Insure or Protect? Analysts Say ‘Protect’

A quarterly survey of 100 economists by Zillow Inc., Seattle, and Pulsenomics LLC found with climate change and natural disasters posing a growing threat to communities across the United States, funding for preventative measures and construction regulations makes better sense than the government providing or requiring insurance.

The survey comes on the heels of two of most devastating years for natural disasters in the U.S. Hurricanes, wildfires, volcanic eruptions, earthquakes and flooding caused billions in damages to residential and commercial properties.

This year isn’t expected to be an improvement. In November, Zillow predicted a record number of homes would be affected by natural disasters in 2019, noting 15,000 homes were destroyed by wildfires in California alone last year. Previous research by Zillow and Climate Central estimated more than 386,000 coastal homes worth in excess of $200 billion are at risk of permanent inundation or chronic flooding by 2050 due to rising sea levels, and homes are still being built at striking rates in areas that face high risks of future flooding.

“Natural disasters are occurring with growing frequency and intensity, and across the United States residential development has expanded in recent decades closer and closer to vulnerable wildlands,” said Zillow senior economist Aaron Terrazas. “The result is that more and more Americans are discovering–sometimes painfully too late–that their homes are at risk.”

Terrazas noted pPolicy makers are struggling to find solutions to protect their communities and often face a difficult tradeoff between new building regulations and infrastructure investments that can drive up housing costs and taxes, or requiring insurance that also raises costs to homeowners and, in some cases, makes taxpayers liable for the bill.

“There are no easy solutions, but the one outcome that is clear is that residents of the most at-risk communities will ultimately pay the cost in one way or another,” he said.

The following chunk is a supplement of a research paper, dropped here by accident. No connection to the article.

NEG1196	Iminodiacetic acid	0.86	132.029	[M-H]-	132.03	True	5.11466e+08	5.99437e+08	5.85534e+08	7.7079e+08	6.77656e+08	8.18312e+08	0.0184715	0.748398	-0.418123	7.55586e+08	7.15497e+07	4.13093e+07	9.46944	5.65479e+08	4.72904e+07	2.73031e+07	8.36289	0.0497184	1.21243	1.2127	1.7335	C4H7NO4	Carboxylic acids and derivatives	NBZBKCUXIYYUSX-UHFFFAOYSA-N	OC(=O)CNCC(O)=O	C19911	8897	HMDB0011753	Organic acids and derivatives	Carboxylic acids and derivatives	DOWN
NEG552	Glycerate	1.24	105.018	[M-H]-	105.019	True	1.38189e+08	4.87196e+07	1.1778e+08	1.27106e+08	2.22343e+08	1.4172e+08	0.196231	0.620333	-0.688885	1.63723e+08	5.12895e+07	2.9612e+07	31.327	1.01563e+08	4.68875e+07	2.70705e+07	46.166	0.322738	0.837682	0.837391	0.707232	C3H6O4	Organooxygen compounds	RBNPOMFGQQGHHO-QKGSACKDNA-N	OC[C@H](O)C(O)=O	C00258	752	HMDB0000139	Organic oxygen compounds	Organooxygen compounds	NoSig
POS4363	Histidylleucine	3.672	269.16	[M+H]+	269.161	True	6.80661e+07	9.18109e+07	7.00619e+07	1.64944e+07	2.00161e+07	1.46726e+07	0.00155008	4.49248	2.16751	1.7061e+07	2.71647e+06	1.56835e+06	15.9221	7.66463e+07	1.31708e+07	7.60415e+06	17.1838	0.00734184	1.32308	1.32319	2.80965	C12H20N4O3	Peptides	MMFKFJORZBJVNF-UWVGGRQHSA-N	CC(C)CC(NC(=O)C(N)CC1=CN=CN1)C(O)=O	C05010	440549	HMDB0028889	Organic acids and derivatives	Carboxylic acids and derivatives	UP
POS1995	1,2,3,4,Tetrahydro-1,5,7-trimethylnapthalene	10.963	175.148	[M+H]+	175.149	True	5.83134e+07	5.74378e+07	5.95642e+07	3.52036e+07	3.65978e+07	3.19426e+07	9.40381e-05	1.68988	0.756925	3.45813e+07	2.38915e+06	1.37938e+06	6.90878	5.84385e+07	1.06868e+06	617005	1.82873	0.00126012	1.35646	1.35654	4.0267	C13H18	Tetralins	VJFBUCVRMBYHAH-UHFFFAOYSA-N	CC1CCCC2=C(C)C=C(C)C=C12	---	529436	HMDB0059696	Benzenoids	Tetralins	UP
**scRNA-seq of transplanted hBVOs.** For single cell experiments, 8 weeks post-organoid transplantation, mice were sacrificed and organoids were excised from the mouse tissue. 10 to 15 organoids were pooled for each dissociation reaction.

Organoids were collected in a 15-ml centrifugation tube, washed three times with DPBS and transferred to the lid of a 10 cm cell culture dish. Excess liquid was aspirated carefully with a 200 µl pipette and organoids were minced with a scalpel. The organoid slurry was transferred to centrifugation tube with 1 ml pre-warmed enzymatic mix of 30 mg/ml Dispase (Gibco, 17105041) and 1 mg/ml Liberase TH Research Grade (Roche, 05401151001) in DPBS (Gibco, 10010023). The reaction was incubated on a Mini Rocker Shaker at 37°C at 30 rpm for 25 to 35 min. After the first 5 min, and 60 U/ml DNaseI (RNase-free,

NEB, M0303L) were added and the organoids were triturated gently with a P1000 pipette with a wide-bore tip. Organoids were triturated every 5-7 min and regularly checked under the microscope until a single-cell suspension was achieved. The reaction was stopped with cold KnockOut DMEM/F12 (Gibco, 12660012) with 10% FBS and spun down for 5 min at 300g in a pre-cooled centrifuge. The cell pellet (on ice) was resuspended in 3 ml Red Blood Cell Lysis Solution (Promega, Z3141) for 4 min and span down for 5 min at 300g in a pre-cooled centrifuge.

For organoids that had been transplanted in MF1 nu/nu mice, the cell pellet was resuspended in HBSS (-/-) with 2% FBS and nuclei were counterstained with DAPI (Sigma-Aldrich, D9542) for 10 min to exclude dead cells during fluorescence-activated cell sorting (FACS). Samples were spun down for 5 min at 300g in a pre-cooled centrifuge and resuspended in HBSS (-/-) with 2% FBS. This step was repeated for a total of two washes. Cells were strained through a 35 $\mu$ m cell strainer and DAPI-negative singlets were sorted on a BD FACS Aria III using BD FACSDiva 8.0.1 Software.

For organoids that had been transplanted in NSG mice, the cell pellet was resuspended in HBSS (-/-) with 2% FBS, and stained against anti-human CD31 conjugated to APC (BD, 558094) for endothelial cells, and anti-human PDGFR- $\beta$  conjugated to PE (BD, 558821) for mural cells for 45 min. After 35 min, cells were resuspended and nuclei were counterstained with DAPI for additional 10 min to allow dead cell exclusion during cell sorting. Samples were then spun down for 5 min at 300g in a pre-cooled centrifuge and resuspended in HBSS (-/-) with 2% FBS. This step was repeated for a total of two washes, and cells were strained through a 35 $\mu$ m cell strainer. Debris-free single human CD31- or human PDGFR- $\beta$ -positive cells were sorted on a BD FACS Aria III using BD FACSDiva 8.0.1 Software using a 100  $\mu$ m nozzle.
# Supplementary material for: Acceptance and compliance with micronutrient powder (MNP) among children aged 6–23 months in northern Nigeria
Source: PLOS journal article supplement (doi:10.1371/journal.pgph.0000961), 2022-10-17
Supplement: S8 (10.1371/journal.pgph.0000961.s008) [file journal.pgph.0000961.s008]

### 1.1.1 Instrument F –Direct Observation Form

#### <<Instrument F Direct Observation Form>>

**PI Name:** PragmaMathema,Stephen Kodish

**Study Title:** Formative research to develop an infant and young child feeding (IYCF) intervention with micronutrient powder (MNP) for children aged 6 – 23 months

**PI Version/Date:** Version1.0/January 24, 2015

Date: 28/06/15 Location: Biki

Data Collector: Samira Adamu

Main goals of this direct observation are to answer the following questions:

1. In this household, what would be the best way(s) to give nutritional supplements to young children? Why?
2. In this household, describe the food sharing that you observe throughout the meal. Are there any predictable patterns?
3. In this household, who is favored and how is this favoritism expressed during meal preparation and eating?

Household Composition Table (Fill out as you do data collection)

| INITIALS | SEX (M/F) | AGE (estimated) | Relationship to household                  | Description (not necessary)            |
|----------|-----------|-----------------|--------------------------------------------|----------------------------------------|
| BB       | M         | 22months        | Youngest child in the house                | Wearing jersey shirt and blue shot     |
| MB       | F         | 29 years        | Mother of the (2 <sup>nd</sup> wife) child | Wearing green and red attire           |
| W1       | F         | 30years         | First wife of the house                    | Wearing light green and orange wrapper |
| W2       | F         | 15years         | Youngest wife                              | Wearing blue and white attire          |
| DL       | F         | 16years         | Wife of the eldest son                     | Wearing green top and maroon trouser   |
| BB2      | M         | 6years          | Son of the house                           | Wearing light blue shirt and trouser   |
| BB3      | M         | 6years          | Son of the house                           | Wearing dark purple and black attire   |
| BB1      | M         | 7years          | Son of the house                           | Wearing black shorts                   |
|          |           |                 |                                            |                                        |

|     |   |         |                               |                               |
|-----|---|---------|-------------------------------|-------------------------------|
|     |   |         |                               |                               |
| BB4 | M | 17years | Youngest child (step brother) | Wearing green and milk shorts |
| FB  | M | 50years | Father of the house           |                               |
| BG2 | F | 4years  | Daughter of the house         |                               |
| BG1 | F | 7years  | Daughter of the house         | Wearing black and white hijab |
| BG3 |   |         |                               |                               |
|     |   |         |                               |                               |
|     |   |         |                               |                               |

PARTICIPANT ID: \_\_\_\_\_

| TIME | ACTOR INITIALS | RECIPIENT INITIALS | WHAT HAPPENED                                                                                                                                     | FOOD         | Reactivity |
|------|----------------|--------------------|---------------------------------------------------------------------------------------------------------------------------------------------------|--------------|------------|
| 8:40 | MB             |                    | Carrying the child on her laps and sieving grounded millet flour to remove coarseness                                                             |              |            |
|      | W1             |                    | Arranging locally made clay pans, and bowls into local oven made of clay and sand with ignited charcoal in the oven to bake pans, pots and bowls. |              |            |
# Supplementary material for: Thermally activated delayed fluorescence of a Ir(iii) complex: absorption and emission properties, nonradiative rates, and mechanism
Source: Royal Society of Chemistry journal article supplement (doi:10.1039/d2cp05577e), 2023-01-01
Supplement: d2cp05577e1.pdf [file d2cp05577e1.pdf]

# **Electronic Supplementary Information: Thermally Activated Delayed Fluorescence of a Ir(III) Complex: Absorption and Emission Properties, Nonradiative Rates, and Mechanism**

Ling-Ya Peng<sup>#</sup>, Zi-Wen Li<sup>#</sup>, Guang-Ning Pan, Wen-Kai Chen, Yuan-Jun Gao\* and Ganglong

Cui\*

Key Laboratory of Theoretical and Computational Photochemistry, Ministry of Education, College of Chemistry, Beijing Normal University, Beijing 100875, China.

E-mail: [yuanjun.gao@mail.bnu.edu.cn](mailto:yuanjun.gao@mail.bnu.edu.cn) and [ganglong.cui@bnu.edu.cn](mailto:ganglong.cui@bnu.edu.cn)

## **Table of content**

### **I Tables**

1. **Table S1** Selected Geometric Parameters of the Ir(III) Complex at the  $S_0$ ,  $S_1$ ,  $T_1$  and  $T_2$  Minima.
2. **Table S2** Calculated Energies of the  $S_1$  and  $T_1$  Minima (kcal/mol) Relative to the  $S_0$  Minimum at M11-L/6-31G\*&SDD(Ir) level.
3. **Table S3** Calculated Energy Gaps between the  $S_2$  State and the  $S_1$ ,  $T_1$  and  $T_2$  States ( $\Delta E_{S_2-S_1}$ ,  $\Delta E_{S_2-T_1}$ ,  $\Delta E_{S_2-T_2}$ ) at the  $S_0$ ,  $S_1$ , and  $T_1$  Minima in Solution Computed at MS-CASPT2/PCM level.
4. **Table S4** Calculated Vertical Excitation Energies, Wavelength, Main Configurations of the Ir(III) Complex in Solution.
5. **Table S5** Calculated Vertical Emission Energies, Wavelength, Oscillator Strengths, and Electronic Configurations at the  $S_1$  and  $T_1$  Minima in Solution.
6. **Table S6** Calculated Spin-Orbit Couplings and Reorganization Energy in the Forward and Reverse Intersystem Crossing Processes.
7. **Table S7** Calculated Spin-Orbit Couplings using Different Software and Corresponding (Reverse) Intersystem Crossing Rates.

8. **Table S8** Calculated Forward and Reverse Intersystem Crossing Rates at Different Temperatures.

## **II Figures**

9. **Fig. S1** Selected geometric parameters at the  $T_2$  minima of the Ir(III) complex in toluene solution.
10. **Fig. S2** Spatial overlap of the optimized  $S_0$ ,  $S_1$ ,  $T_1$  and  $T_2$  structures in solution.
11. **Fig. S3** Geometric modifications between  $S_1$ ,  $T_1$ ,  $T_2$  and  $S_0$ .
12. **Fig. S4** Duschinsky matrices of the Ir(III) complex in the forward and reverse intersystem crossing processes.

Despite these forecasts, less than a fifth (19 percent) of panelists surveyed said the government should underwrite or subsidize property-loss insurance. Less than half (42 percent) support government mandates requiring homeowners in high-risk areas to carry insurance against natural disaster losses.

Suggestions for preemptive measures garnered more support. Among five policy proposals suggested in the survey, the panelists’ top choices were enforcing strict building codes to meet state-of-the-art resilience standards and declaring construction moratoriums in the highest-risk areas. Public investment in defensive infrastructure, such as seawalls, jetties or de-forested zones, was popular as well. Insurance mandates and the permanent demolition of homes repeatedly destroyed by natural disasters were less favored.

Nearly half (47 percent of panelists) said homeowners in high-risk areas who cannot find insurance or afford higher premiums should sell their homes and move to a lower-risk or more affordable location. Government intervention in the form of state-sponsored coverage, financial assistance or requiring private insurers to offer affordable policies received much less support.

Panelists are also asked each quarter to forecast the performance of U.S. home values. In Q1 2019, they on average predicted a 4.3 percent increase in U.S. home values this year, up from the 3.8 percent rate projected for 2019 just three months ago.

“The downturn in mortgage rates since our previous survey appears to have elevated price expectations for 2019,” said Pulsenomics Founder Terry Loebs. “The longer-term outlook continues to be mixed and reflect uncertainties about housing supply, first-time homebuyer capacity, and other lingering market risks.”